1. The life of a girl in India in 1937 followed patterns, that
had worked for centuries. She was usually given scant education and
a vegetarian diet (meat and eggs, when they were available, were
reserved for boys), and taught that her purpose in life was to be
married and bear children. She and all women must depend on a
father, husband or brother for economic support and physical
protection, and not having social insurance, men were
interdependent on blood relations. A girl who was still unmarried
at seventeen was a failure. At sixteen, Roop has learned to be a
"good-good, sweet-sweet Sikh woman" (p.111), and to be "silent and
obedient" (p. 112). She has "learned shame" (p. 115). Yet as a
child she was bold, fearless and eager for adventure. How much has
she really changed? Does Baldwin intend us to accept that she has
changed? How is Roop different from her sister Madani? How are Roop
and Madani different from their Muslim friend Huma?
2. Gujri, a Pothari plainswoman, was given to Roop's mother as a
wedding present, "like Mama's dowry pots and pans." Gujri has no
choice but to accept her position as a virtual slave: she was given
away by her father because at the age of seven she had already been
married and widowed, and "her whole village thought her unlucky" -
meaning that she was cursed and would bring bad luck to others. She
could never marry again "lest she kill another husband" (p. 24).
What does Gujri's story say about the position of women in India?
What does it say about the power of superstition?
3. Jeevan, Roop's brother, "has inherited his eyes from Papaji.
Like all men, he sees like a horse, blind to things that lie
directly before him" (p. 70). This phrase recurs several times in
the novel. What does it mean? Does it apply to all of the men in
the book, including Sardarji? Is it something women in all cultures
might say about the way their men perceive the world?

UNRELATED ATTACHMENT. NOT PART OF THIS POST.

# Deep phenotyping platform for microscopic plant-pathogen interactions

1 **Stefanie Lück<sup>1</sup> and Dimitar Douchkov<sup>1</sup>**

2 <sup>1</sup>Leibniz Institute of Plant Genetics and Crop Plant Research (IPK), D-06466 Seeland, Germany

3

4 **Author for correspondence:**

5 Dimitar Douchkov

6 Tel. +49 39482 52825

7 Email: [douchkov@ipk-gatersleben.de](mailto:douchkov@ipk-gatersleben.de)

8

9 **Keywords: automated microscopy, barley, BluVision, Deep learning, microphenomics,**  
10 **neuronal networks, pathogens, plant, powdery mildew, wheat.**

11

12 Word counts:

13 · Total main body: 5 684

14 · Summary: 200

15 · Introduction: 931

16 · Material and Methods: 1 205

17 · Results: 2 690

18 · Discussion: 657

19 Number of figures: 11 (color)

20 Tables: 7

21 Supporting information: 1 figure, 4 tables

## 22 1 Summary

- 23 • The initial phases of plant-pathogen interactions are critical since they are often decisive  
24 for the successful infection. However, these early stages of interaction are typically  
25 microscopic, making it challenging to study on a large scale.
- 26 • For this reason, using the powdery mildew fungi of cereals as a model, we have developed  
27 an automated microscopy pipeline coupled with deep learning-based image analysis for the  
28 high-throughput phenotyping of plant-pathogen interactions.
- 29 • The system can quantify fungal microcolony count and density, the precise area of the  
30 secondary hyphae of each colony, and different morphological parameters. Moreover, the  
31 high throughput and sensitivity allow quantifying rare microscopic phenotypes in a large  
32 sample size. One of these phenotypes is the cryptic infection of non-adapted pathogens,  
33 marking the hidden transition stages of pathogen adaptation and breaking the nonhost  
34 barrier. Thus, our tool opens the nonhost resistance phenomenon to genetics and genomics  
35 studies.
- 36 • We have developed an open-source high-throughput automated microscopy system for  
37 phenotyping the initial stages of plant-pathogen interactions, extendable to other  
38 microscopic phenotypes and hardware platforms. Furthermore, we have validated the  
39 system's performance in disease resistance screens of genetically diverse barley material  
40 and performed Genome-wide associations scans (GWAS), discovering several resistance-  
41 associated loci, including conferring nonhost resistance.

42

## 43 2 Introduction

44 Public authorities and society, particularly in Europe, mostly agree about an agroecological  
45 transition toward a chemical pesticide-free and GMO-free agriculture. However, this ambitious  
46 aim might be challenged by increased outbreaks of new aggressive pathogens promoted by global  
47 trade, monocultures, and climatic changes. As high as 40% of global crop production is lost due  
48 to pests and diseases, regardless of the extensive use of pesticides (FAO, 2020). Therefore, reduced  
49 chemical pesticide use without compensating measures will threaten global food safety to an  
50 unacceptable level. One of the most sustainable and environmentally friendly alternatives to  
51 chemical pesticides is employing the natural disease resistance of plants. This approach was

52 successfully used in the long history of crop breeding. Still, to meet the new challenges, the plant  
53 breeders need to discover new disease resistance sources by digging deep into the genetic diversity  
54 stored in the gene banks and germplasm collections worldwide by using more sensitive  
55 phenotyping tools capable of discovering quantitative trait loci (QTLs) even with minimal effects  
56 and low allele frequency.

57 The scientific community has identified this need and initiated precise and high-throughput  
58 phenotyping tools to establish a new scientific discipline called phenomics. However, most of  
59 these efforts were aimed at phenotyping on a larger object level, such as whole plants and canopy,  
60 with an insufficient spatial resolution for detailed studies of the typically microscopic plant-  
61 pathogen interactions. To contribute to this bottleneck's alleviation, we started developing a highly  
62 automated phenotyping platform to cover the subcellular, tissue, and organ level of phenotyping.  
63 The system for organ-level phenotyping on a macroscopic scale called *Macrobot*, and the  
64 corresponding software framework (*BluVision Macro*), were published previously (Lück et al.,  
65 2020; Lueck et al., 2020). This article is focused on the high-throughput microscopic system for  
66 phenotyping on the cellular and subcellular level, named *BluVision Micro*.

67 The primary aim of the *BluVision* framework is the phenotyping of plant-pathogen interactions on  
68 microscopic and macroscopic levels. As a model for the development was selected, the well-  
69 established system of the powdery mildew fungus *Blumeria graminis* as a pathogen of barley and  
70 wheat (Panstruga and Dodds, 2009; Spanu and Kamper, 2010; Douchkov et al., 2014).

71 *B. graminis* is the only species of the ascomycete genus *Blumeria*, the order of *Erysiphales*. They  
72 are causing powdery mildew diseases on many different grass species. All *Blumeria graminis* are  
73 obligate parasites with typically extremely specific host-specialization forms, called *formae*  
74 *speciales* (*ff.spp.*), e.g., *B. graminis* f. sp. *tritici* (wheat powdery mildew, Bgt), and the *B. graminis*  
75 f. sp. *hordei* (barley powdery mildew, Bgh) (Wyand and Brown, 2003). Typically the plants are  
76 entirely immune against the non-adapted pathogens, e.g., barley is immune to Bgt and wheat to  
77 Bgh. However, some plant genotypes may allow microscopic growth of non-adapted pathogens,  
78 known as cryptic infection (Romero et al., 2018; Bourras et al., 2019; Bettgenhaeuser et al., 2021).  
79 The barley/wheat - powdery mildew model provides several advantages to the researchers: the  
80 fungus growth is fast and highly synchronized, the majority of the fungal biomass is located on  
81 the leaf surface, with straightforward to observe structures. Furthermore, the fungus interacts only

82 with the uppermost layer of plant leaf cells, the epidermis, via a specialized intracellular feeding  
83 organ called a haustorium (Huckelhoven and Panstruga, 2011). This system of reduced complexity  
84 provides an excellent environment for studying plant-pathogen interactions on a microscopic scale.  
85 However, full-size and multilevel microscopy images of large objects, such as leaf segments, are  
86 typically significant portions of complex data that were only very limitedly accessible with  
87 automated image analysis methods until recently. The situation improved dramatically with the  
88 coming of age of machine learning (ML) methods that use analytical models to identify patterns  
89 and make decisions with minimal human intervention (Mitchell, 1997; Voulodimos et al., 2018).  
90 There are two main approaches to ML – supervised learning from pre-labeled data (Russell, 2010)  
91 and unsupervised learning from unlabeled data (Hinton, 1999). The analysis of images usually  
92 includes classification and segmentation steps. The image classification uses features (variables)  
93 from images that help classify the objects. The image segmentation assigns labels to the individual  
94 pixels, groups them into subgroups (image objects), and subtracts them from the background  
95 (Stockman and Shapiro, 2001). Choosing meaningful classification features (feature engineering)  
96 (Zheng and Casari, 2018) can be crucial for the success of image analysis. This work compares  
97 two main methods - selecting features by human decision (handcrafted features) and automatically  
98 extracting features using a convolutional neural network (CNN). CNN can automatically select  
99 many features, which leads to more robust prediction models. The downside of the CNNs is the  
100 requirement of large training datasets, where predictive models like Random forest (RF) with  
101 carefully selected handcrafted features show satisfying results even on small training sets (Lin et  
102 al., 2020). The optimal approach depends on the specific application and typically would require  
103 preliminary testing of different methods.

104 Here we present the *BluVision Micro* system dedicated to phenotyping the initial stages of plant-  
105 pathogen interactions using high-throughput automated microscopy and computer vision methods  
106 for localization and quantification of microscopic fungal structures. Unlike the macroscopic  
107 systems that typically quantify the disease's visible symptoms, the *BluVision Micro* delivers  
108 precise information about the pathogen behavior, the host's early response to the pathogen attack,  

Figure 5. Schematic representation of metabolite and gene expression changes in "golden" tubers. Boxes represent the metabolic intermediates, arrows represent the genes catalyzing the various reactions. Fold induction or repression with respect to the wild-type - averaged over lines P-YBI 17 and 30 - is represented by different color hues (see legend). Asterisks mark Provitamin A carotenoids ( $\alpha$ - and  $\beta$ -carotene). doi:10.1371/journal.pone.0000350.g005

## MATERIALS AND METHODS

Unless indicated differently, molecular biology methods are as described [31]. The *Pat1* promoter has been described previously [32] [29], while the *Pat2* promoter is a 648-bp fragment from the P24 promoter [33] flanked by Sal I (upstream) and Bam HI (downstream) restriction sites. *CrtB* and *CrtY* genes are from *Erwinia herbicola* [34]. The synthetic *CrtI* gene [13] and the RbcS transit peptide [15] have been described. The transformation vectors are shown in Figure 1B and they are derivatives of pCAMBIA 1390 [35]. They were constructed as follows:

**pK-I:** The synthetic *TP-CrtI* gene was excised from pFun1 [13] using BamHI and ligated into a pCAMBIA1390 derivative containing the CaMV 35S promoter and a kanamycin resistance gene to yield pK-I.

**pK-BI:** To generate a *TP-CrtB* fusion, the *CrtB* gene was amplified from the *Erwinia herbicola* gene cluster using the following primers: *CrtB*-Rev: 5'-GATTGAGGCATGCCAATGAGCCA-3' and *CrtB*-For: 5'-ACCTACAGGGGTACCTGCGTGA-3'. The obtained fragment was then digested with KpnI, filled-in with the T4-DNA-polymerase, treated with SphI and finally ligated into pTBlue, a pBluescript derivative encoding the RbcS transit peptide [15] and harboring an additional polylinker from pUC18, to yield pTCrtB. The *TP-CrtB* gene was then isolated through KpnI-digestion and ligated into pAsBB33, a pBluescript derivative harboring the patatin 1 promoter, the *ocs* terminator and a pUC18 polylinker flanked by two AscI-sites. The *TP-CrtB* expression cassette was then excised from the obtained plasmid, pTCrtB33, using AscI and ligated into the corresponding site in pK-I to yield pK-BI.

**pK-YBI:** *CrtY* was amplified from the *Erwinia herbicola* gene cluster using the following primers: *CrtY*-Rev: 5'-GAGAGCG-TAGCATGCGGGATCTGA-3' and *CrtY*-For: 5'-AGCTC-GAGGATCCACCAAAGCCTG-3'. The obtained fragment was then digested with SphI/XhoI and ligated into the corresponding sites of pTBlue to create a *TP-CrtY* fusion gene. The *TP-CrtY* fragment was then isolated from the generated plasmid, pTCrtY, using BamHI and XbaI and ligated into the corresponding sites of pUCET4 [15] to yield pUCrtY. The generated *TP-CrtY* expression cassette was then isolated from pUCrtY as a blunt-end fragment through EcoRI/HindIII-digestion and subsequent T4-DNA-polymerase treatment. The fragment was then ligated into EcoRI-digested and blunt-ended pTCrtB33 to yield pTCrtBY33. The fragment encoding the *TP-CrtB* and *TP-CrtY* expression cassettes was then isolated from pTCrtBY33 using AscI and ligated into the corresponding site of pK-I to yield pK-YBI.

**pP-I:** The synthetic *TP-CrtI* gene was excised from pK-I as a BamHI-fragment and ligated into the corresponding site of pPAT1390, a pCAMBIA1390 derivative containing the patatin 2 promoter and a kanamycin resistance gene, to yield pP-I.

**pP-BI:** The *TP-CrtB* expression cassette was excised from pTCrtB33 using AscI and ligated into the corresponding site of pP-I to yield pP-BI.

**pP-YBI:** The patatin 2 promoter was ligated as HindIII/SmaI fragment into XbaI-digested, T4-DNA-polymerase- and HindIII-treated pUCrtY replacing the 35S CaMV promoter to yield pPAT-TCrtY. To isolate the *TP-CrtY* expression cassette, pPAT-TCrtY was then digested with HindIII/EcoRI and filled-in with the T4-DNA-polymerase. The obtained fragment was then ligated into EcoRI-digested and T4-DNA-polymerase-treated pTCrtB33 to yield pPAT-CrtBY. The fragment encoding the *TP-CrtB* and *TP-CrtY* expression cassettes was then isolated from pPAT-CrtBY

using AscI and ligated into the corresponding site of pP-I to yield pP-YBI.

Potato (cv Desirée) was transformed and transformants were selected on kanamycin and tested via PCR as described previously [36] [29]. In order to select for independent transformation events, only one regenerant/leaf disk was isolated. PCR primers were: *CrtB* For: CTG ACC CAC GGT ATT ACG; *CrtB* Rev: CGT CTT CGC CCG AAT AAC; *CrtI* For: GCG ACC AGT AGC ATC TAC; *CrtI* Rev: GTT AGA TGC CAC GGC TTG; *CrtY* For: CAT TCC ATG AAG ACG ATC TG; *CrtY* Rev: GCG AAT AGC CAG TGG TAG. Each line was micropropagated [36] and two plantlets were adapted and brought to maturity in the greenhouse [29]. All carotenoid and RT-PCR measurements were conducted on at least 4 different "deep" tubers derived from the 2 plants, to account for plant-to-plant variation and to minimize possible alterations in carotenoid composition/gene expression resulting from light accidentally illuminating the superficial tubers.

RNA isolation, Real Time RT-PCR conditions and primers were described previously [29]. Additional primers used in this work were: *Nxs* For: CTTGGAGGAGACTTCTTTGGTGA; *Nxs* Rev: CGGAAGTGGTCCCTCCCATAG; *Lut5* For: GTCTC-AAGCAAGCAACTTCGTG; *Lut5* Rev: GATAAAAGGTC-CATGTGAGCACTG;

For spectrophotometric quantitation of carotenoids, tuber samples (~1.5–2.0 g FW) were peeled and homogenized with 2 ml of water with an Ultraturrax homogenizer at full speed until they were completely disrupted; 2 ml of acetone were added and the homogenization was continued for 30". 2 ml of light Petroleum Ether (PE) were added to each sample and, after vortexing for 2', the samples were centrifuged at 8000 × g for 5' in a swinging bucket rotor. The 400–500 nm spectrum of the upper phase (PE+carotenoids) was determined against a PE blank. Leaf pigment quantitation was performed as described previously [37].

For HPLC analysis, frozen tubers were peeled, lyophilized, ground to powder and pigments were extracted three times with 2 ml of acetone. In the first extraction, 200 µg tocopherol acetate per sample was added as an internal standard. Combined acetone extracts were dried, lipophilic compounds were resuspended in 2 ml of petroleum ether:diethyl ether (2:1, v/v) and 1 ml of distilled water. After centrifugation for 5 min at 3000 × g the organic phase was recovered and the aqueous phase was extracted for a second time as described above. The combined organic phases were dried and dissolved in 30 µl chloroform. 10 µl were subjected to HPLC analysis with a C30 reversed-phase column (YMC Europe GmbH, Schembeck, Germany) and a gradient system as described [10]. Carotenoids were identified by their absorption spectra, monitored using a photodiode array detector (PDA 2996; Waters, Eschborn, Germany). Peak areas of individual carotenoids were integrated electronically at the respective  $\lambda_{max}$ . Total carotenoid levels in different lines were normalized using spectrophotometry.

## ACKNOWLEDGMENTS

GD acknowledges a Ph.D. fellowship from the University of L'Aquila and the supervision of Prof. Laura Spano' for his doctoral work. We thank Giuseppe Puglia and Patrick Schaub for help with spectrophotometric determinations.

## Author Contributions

4. Roop's father, Bachan Singh, has sent his daughters to
school, "against all advice," and has "hoped for many things for
his Roop... He has indulged her all this time in case her kismat
brings her a husband who will not be kind." (p. 121). Bachan Singh
knows that the future course of her life will be almost entirely
determined by the character of the man she marries. Roop sees
Sardarji for the first time on their wedding day, and she knows
almost nothing about him except that he is rich. What do you think
about the tradition of arranged marriage? Is it very different from
today's computerized dating services? Are Roop's expectations of
the emotional aspects of marriage different from your own and those
of other women you know?
5. After the birth of Roop's first child, "the whole canal
colony" is disappointed because the baby is a girl. Satya sends her
tea with salt instead of sugar, as punishment. Sardarji's only
words of comfort are "Don't worry... The next one will be a boy"
(p. 202). What are Roop's own feelings about her child? How does
she reconcile her feeling that she is a failure with her joy, and
her satisfaction that she "has done what women are for" (p. 190)?
How does she express her intense love and concern for Pavan?
6. What do Sardarji's comments about American society, in his
letter to Satya from New York (p. 241), indicate about his
political beliefs? What are his assumptions about social class
based on? How much is he influenced by "his 'ten percent,' his
turban, his faith, the untranslated, untranslatable residue of his
being" (p. 147)?
7. In Pari Darvaza, Roop's village, the Sikhs, Hindus and
Muslims live, work and socialize together with very little
friction. Bachan Singh as lambardar is the leader of the Sikh
community and he is good friends with Abu Ibrahim, the pir,
spiritual leader, of the Muslims of the district. Roop and Madani
play a pebble-tossing game with Huma, Abu Ibrahim's daughter, and
the men of Pari Darvaza regularly get together in the fields to
gamble on cockfights between Bachan Singh's black partridges and
Abu Ibrahim's brown ones. The verbal byplay between the men is
barbed but still friendly. Abu Ibrahim tells his partridge to fight
"like Babar the Great," and Bachan Singh ripostes by asking his
bird to "avenge each Guru beheaded at the hands of the Mughals."
The men laugh, "a little uneasily" (p. 33). This scene both
foreshadows the coming conflict and shows something of how it might
have been avoided. Do you think Baldwin believes that a united,
multi-faith India was a real possibility? A united multi-faith
India exists today - could it have been brought into being without
the separation of Pakistan?
8. During their long marriage, Satya, whose name means "truth,"
is in many ways Sardarji's closest ally, "every inch of her tuned
to his needs" (p. 374). Besides managing the business aspects of
his landholdings, she considers it her duty to keep him from
straying too far from the traditions he was born to. In their
arguments, she always defends Indian traditions and knowledge, and
when Sardarji says she doesn't understand, and complains that she